His third set must be made to last, he knew. Everybody in the town had lost their patience, lots of broken bits, patents, patterns, cowpats and patty cakes to fall over if he wasn’t careful. Being eyeless as well, don’t you know? He applied to the cloisters with his desperation in tow, having had to dig deep within to find it.
With him wounded in mind as well as body, the monks laid him in a cell to be assessed by the head himself. Calm yourself, oh sightless sinecure, they said. The head has worked here many a year without its body incorporated. It’s a choice you too can make though we will find it difficult to perform our miracles from a blind. Still, we are a charitable institution and will always work with a given.
Meanwhile, back at the hostelry, Aile reeled in her eyes by hand. Their thin-stranded wires coiled by her feet. She fished their control unit from a nearby soup. So much for their reputed flight. Of steel and ebony her eyes were made in a cave where the dwarves weren’t all that fussy about their justified desserts. They cared more about how they were paid.
That ‘how’ became Aile’s target. She grabbed an ill-conceived idea, with wings barely longer than a falconet’s and sent it to the breakfast table to sort her thief’s unregarded losses. Fleeting back to her in numbered send-packets, she swept them into her snood and slipped out the door. The monastery stood downhill, a slide not too hair-raising.
Her beloved thief heard her coming, glorious, victorious. I’m on my way-ay-ay!!!
Would he welcome her with a hair-flick tossed randomly into the crowded cloister for every mad monk to scrabble up from the floor or would his cowlick long enough to torque around her finger do her justly?
I don’t know, he cried. I suffer from malaise, inept-time-management and lassitude. I wish she would just carry me off. The sunset beckons for it captured that clause. Different to when the red coat lived in the Arctic and it still had ice and he still had his elves and missus. He gave out presents when you needed it and I’ve run out of mine. First I lose my eyes, then my nous, then my presence. What will I do?
Yoo-hoo, my love. Let’s be about it, thief of my heart. Aile waltzed into the cell and sweeping the thief from the bed—she plucked a round-eyed gaze from the attendant—she set her lover on his feet. Come with me my torquing clown my glaze-eyed gorget glass-eyed geegaw. The world is oysterishly beautiful.
The monkish eyes fit the thief remarkably well. He stared owlishly into the future she described so eloquently. Oysterishly? I think not, my aileron. My work is here, with my ineptitudes taken care of by management. I understand that they will whip me if I so much as drop a bundle. Apparently, I’m better at cards than every-other sharp in residence.
My new home’s clangers will control my torpors, lassitude, laze and make them episodic. Permutated with episode, epistle and episo they will finally give me an epilogue. Look for me in the cemetery, my love, on the day when you too come a-burying.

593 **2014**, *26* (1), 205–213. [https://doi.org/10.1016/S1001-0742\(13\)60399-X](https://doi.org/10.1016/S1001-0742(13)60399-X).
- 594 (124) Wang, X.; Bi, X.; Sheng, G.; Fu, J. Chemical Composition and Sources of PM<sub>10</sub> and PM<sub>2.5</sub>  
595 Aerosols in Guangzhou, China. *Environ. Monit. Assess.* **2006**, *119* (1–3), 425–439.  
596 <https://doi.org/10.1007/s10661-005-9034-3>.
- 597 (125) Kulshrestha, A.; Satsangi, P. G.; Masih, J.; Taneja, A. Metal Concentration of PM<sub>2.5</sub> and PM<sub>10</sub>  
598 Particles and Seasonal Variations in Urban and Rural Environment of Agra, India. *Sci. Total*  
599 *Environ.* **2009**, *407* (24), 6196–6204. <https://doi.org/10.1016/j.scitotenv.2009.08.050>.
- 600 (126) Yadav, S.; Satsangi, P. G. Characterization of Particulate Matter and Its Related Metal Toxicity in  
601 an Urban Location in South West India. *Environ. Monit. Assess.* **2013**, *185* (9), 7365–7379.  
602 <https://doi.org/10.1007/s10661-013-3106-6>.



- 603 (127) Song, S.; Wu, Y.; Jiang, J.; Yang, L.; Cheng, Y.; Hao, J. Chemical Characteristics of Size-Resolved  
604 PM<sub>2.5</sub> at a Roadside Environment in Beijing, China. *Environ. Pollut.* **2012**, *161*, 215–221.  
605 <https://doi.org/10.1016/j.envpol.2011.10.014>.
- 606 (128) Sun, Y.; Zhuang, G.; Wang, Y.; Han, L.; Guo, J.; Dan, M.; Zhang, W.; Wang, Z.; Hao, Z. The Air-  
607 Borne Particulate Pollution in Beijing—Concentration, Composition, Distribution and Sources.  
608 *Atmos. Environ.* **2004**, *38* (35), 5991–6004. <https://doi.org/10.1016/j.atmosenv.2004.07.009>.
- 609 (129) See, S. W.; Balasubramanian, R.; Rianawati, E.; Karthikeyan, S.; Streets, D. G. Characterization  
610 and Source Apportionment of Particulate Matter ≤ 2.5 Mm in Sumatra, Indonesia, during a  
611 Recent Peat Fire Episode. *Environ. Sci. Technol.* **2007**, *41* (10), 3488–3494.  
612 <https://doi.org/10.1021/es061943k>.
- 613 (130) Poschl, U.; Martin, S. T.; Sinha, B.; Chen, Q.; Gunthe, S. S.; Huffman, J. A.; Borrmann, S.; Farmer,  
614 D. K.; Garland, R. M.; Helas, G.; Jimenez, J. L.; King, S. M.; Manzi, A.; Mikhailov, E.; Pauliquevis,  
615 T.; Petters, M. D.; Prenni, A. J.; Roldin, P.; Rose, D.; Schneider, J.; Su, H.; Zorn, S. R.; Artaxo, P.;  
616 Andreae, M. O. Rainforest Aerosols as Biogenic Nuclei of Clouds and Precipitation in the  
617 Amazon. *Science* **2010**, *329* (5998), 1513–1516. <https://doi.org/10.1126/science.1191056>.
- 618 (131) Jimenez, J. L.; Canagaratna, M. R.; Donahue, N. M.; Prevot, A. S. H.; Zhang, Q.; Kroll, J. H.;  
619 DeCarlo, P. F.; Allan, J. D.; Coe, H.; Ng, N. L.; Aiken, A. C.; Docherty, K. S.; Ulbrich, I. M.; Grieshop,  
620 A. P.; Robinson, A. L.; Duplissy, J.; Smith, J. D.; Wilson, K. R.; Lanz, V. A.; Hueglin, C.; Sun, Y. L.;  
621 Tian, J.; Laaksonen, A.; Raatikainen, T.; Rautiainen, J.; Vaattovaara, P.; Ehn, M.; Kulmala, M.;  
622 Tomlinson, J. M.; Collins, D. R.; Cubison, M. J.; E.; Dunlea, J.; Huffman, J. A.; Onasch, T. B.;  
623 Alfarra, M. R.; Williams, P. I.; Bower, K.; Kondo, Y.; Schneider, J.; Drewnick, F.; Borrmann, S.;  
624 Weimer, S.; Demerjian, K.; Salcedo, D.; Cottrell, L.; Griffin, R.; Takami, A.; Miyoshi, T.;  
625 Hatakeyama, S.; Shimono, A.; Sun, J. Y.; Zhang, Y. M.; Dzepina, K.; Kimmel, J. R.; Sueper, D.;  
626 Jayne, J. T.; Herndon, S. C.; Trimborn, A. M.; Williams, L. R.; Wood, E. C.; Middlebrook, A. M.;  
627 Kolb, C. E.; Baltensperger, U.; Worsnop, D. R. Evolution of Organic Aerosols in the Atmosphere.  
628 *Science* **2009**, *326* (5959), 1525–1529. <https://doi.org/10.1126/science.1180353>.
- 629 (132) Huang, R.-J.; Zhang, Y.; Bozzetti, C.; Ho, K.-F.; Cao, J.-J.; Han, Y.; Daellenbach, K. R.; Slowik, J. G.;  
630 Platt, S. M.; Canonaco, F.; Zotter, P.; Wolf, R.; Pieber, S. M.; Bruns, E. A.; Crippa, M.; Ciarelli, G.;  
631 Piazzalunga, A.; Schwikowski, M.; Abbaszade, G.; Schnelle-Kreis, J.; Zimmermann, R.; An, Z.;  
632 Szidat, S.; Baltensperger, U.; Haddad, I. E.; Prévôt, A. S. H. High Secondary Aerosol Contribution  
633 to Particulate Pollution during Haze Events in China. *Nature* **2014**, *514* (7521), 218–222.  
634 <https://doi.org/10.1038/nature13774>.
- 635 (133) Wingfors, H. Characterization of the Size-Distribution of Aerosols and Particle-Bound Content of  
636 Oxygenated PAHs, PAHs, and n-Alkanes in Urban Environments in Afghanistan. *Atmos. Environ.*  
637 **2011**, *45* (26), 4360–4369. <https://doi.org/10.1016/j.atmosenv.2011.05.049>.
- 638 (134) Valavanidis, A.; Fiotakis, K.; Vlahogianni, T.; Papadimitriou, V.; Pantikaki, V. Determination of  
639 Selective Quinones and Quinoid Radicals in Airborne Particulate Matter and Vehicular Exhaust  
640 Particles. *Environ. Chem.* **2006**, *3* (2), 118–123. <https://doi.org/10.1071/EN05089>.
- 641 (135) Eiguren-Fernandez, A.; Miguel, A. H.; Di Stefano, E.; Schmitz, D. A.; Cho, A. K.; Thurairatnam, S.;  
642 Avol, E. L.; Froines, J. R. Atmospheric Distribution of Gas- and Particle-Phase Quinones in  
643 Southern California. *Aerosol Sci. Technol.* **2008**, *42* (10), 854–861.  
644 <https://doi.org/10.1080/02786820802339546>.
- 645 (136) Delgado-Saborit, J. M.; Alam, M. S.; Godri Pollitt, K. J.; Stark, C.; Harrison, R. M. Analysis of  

Strings (2004) is a film acted by marionettes though it could be said that all the actors are puppeteer-marionette-pairs. This reading would help explain the only instance that a part of a marionette handler is seen.
A problem for me personally is the lack of subtitles in lieu of the absence of living lips to read. Hence, the intricacies of plot and story, for me are gappy. It’s a coming-of-age story.
A king kills himself and leaves a letter explaining–the letter is taken before his son can read it–and not knowing any better, the son goes out to avenge his father. There is a happy ending, but not before the scene (above) where the prince makes it home to witness his sister’s death.
It’s easy to become so engrossed in the Strings world that one would forget that marionettes are dependent on their human technicians and human voices for every move, every expression, and every placement in a scene.
In one scene a human foot is seen hastening up a stair out of a cellar after the puppeteer apparently drops their character to the ground with a definite and frightening crash.
I wondered about the editorial decision to leave that scene as-is. Is it that the foot can be seen as a reminder of who the agents are in this entertainment, or is it to remind viewers of the technical skills that have got the story so far? Either of those could then be seen as instances where the viewer trips and falls out of the story. A no-no in fiction in general that I didn’t want to suspect of the producers.
After some thought, it seems to me that there was no possibility other than a deux ex machina moment, literally a god-in-the-machine, to explain how that character came to be in that cellar, and that the puppet’s handler as portrayed by her foot represents that god.
While I knew that there is much more to world-building than concrete nuts-and-bolts world design, seeing in Strings how dialogue and character actions translate into very specific cultural metaphors, had me on the edge of my seat.
On the Plain of Death, for example, the soldiers’ strings snap-freeze and break. In a contrasting war scene portraying war with a desert people, death is signified by strings burning.
“We are all connected,” says the Prince’s desert princess. She glances at the string-filled heavens where all strings go, and where, above the clouds, it is believed that strings are connected. The pair making love is symbolized by their strings mixing and weaving together.
Writers of science fiction are warned away from metaphor. (Card, 1990) Yet in Strings, the outcome of many of the actions hinge on, or are influenced by marionette-specific metaphor. One of many such actions is the outgoing king committing suicide by cutting his own head-string. He isn’t buried, but god-like, is strung up on a wall.
The Prince’s sister tries to stop him leaving her by holding onto his hand-strings.
A pair of children quarreling get themselves tangled up in their strings.